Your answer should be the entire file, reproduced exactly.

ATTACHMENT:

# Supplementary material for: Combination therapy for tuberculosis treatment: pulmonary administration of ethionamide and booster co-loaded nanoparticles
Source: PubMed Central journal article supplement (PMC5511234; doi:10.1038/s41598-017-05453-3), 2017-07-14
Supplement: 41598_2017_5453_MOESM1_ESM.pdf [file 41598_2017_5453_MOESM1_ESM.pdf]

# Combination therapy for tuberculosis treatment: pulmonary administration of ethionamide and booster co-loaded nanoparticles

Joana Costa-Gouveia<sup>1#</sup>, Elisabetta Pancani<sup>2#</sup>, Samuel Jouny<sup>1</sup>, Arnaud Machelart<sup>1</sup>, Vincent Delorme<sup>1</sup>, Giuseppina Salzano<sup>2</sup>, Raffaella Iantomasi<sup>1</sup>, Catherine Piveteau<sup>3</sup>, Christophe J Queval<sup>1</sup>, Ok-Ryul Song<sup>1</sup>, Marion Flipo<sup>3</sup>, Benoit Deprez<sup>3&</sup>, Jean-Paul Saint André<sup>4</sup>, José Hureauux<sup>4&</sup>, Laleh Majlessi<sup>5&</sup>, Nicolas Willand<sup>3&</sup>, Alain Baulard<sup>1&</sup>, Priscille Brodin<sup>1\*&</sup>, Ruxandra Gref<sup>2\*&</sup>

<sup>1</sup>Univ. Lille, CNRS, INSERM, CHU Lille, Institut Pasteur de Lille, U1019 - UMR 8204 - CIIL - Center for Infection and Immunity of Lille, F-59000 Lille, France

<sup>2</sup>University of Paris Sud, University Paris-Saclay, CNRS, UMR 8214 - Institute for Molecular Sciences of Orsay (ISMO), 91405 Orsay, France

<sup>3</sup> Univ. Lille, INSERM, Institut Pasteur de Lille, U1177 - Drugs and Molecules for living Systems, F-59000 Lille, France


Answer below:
# Supplementary material for: Combination therapy for tuberculosis treatment: pulmonary administration of ethionamide and booster co-loaded nanoparticles
Source: PubMed Central journal article supplement (PMC5511234; doi:10.1038/s41598-017-05453-3), 2017-07-14
Supplement: 41598_2017_5453_MOESM1_ESM.pdf [file 41598_2017_5453_MOESM1_ESM.pdf]

# Combination therapy for tuberculosis treatment: pulmonary administration of ethionamide and booster co-loaded nanoparticles

Joana Costa-Gouveia<sup>1#</sup>, Elisabetta Pancani<sup>2#</sup>, Samuel Jouny<sup>1</sup>, Arnaud Machelart<sup>1</sup>, Vincent Delorme<sup>1</sup>, Giuseppina Salzano<sup>2</sup>, Raffaella Iantomasi<sup>1</sup>, Catherine Piveteau<sup>3</sup>, Christophe J Queval<sup>1</sup>, Ok-Ryul Song<sup>1</sup>, Marion Flipo<sup>3</sup>, Benoit Deprez<sup>3&</sup>, Jean-Paul Saint André<sup>4</sup>, José Hureauux<sup>4&</sup>, Laleh Majlessi<sup>5&</sup>, Nicolas Willand<sup>3&</sup>, Alain Baulard<sup>1&</sup>, Priscille Brodin<sup>1\*&</sup>, Ruxandra Gref<sup>2\*&</sup>

<sup>1</sup>Univ. Lille, CNRS, INSERM, CHU Lille, Institut Pasteur de Lille, U1019 - UMR 8204 - CIIL - Center for Infection and Immunity of Lille, F-59000 Lille, France

<sup>2</sup>University of Paris Sud, University Paris-Saclay, CNRS, UMR 8214 - Institute for Molecular Sciences of Orsay (ISMO), 91405 Orsay, France

<sup>3</sup> Univ. Lille, INSERM, Institut Pasteur de Lille, U1177 - Drugs and Molecules for living Systems, F-59000 Lille, France